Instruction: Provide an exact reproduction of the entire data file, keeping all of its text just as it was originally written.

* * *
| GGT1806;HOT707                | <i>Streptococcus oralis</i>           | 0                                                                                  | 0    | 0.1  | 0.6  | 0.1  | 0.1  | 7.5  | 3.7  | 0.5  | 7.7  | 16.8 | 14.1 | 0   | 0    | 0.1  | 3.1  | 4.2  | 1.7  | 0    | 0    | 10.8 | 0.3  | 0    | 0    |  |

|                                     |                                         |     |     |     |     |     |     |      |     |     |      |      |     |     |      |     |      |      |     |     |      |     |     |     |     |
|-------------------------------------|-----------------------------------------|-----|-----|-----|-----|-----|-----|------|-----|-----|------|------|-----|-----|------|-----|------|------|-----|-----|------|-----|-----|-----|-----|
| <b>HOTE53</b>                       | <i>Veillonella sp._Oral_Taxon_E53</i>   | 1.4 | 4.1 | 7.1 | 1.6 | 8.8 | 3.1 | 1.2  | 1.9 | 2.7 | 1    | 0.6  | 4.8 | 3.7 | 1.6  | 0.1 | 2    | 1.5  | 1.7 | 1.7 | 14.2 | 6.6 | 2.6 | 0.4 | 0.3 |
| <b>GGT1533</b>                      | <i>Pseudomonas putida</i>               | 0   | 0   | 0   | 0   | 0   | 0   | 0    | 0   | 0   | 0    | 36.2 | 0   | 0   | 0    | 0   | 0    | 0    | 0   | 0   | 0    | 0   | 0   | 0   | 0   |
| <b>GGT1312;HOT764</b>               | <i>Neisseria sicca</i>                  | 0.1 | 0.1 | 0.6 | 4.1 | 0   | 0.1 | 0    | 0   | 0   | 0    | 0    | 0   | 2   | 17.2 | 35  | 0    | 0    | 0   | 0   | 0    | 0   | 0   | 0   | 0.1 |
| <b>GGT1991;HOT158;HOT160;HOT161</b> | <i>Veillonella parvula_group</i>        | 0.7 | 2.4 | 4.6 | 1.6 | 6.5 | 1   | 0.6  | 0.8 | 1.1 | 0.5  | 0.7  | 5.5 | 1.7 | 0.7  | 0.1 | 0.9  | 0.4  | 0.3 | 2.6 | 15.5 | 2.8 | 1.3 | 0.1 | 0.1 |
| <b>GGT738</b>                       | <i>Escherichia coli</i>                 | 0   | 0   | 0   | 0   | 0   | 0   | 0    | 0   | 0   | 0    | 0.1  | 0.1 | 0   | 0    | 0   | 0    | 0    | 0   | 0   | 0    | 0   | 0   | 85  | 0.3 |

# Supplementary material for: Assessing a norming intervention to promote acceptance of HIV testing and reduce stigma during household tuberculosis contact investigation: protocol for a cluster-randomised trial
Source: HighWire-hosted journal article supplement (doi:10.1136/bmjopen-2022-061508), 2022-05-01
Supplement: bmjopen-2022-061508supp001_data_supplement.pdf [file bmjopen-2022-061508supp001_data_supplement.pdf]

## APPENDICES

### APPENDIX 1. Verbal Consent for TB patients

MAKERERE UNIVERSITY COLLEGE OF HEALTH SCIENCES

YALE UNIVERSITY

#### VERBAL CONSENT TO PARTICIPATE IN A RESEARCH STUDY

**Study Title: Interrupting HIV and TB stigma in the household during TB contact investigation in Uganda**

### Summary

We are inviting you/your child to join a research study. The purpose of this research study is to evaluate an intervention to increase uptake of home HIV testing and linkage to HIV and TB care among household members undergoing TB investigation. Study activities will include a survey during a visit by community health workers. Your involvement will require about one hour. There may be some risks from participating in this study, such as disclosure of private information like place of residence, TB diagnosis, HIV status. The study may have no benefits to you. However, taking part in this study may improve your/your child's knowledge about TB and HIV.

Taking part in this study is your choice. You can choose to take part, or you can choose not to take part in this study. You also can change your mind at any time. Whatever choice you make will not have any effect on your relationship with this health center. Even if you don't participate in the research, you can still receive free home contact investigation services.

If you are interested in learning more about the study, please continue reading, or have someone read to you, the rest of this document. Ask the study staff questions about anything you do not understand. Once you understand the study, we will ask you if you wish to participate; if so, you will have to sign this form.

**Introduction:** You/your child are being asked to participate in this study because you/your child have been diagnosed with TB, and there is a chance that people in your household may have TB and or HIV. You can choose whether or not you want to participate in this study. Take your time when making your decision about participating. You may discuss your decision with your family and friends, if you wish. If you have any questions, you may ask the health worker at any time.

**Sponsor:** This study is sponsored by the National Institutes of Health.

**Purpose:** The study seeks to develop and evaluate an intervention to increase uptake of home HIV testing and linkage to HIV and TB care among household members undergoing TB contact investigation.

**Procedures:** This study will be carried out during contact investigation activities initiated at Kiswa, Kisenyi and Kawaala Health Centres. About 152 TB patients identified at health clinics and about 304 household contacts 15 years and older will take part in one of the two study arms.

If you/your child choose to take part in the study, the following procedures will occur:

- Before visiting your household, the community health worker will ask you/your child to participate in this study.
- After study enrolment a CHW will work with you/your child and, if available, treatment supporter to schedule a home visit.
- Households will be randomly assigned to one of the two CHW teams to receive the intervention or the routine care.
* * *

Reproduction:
| GGT1806;HOT707                | <i>Streptococcus oralis</i>           | 0                                                                                  | 0    | 0.1  | 0.6  | 0.1  | 0.1  | 7.5  | 3.7  | 0.5  | 7.7  | 16.8 | 14.1 | 0   | 0    | 0.1  | 3.1  | 4.2  | 1.7  | 0    | 0    | 10.8 | 0.3  | 0    | 0    |  |

|                                     |                                         |     |     |     |     |     |     |      |     |     |      |      |     |     |      |     |      |      |     |     |      |     |     |     |     |
|-------------------------------------|-----------------------------------------|-----|-----|-----|-----|-----|-----|------|-----|-----|------|------|-----|-----|------|-----|------|------|-----|-----|------|-----|-----|-----|-----|
| <b>HOTE53</b>                       | <i>Veillonella sp._Oral_Taxon_E53</i>   | 1.4 | 4.1 | 7.1 | 1.6 | 8.8 | 3.1 | 1.2  | 1.9 | 2.7 | 1    | 0.6  | 4.8 | 3.7 | 1.6  | 0.1 | 2    | 1.5  | 1.7 | 1.7 | 14.2 | 6.6 | 2.6 | 0.4 | 0.3 |
| <b>GGT1533</b>                      | <i>Pseudomonas putida</i>               | 0   | 0   | 0   | 0   | 0   | 0   | 0    | 0   | 0   | 0    | 36.2 | 0   | 0   | 0    | 0   | 0    | 0    | 0   | 0   | 0    | 0   | 0   | 0   | 0   |
| <b>GGT1312;HOT764</b>               | <i>Neisseria sicca</i>                  | 0.1 | 0.1 | 0.6 | 4.1 | 0   | 0.1 | 0    | 0   | 0   | 0    | 0    | 0   | 2   | 17.2 | 35  | 0    | 0    | 0   | 0   | 0    | 0   | 0   | 0   | 0.1 |
| <b>GGT1991;HOT158;HOT160;HOT161</b> | <i>Veillonella parvula_group</i>        | 0.7 | 2.4 | 4.6 | 1.6 | 6.5 | 1   | 0.6  | 0.8 | 1.1 | 0.5  | 0.7  | 5.5 | 1.7 | 0.7  | 0.1 | 0.9  | 0.4  | 0.3 | 2.6 | 15.5 | 2.8 | 1.3 | 0.1 | 0.1 |
| <b>GGT738</b>                       | <i>Escherichia coli</i>                 | 0   | 0   | 0   | 0   | 0   | 0   | 0    | 0   | 0   | 0    | 0.1  | 0.1 | 0   | 0    | 0   | 0    | 0    | 0   | 0   | 0    | 0   | 0   | 85  | 0.3 |

# Supplementary material for: Assessing a norming intervention to promote acceptance of HIV testing and reduce stigma during household tuberculosis contact investigation: protocol for a cluster-randomised trial
Source: HighWire-hosted journal article supplement (doi:10.1136/bmjopen-2022-061508), 2022-05-01
Supplement: bmjopen-2022-061508supp001_data_supplement.pdf [file bmjopen-2022-061508supp001_data_supplement.pdf]

## APPENDICES

### APPENDIX 1. Verbal Consent for TB patients

MAKERERE UNIVERSITY COLLEGE OF HEALTH SCIENCES

YALE UNIVERSITY

#### VERBAL CONSENT TO PARTICIPATE IN A RESEARCH STUDY

**Study Title: Interrupting HIV and TB stigma in the household during TB contact investigation in Uganda**

### Summary

We are inviting you/your child to join a research study. The purpose of this research study is to evaluate an intervention to increase uptake of home HIV testing and linkage to HIV and TB care among household members undergoing TB investigation. Study activities will include a survey during a visit by community health workers. Your involvement will require about one hour. There may be some risks from participating in this study, such as disclosure of private information like place of residence, TB diagnosis, HIV status. The study may have no benefits to you. However, taking part in this study may improve your/your child's knowledge about TB and HIV.

Taking part in this study is your choice. You can choose to take part, or you can choose not to take part in this study. You also can change your mind at any time. Whatever choice you make will not have any effect on your relationship with this health center. Even if you don't participate in the research, you can still receive free home contact investigation services.

If you are interested in learning more about the study, please continue reading, or have someone read to you, the rest of this document. Ask the study staff questions about anything you do not understand. Once you understand the study, we will ask you if you wish to participate; if so, you will have to sign this form.

**Introduction:** You/your child are being asked to participate in this study because you/your child have been diagnosed with TB, and there is a chance that people in your household may have TB and or HIV. You can choose whether or not you want to participate in this study. Take your time when making your decision about participating. You may discuss your decision with your family and friends, if you wish. If you have any questions, you may ask the health worker at any time.

**Sponsor:** This study is sponsored by the National Institutes of Health.

**Purpose:** The study seeks to develop and evaluate an intervention to increase uptake of home HIV testing and linkage to HIV and TB care among household members undergoing TB contact investigation.

**Procedures:** This study will be carried out during contact investigation activities initiated at Kiswa, Kisenyi and Kawaala Health Centres. About 152 TB patients identified at health clinics and about 304 household contacts 15 years and older will take part in one of the two study arms.

If you/your child choose to take part in the study, the following procedures will occur:

- Before visiting your household, the community health worker will ask you/your child to participate in this study.
- After study enrolment a CHW will work with you/your child and, if available, treatment supporter to schedule a home visit.
- Households will be randomly assigned to one of the two CHW teams to receive the intervention or the routine care.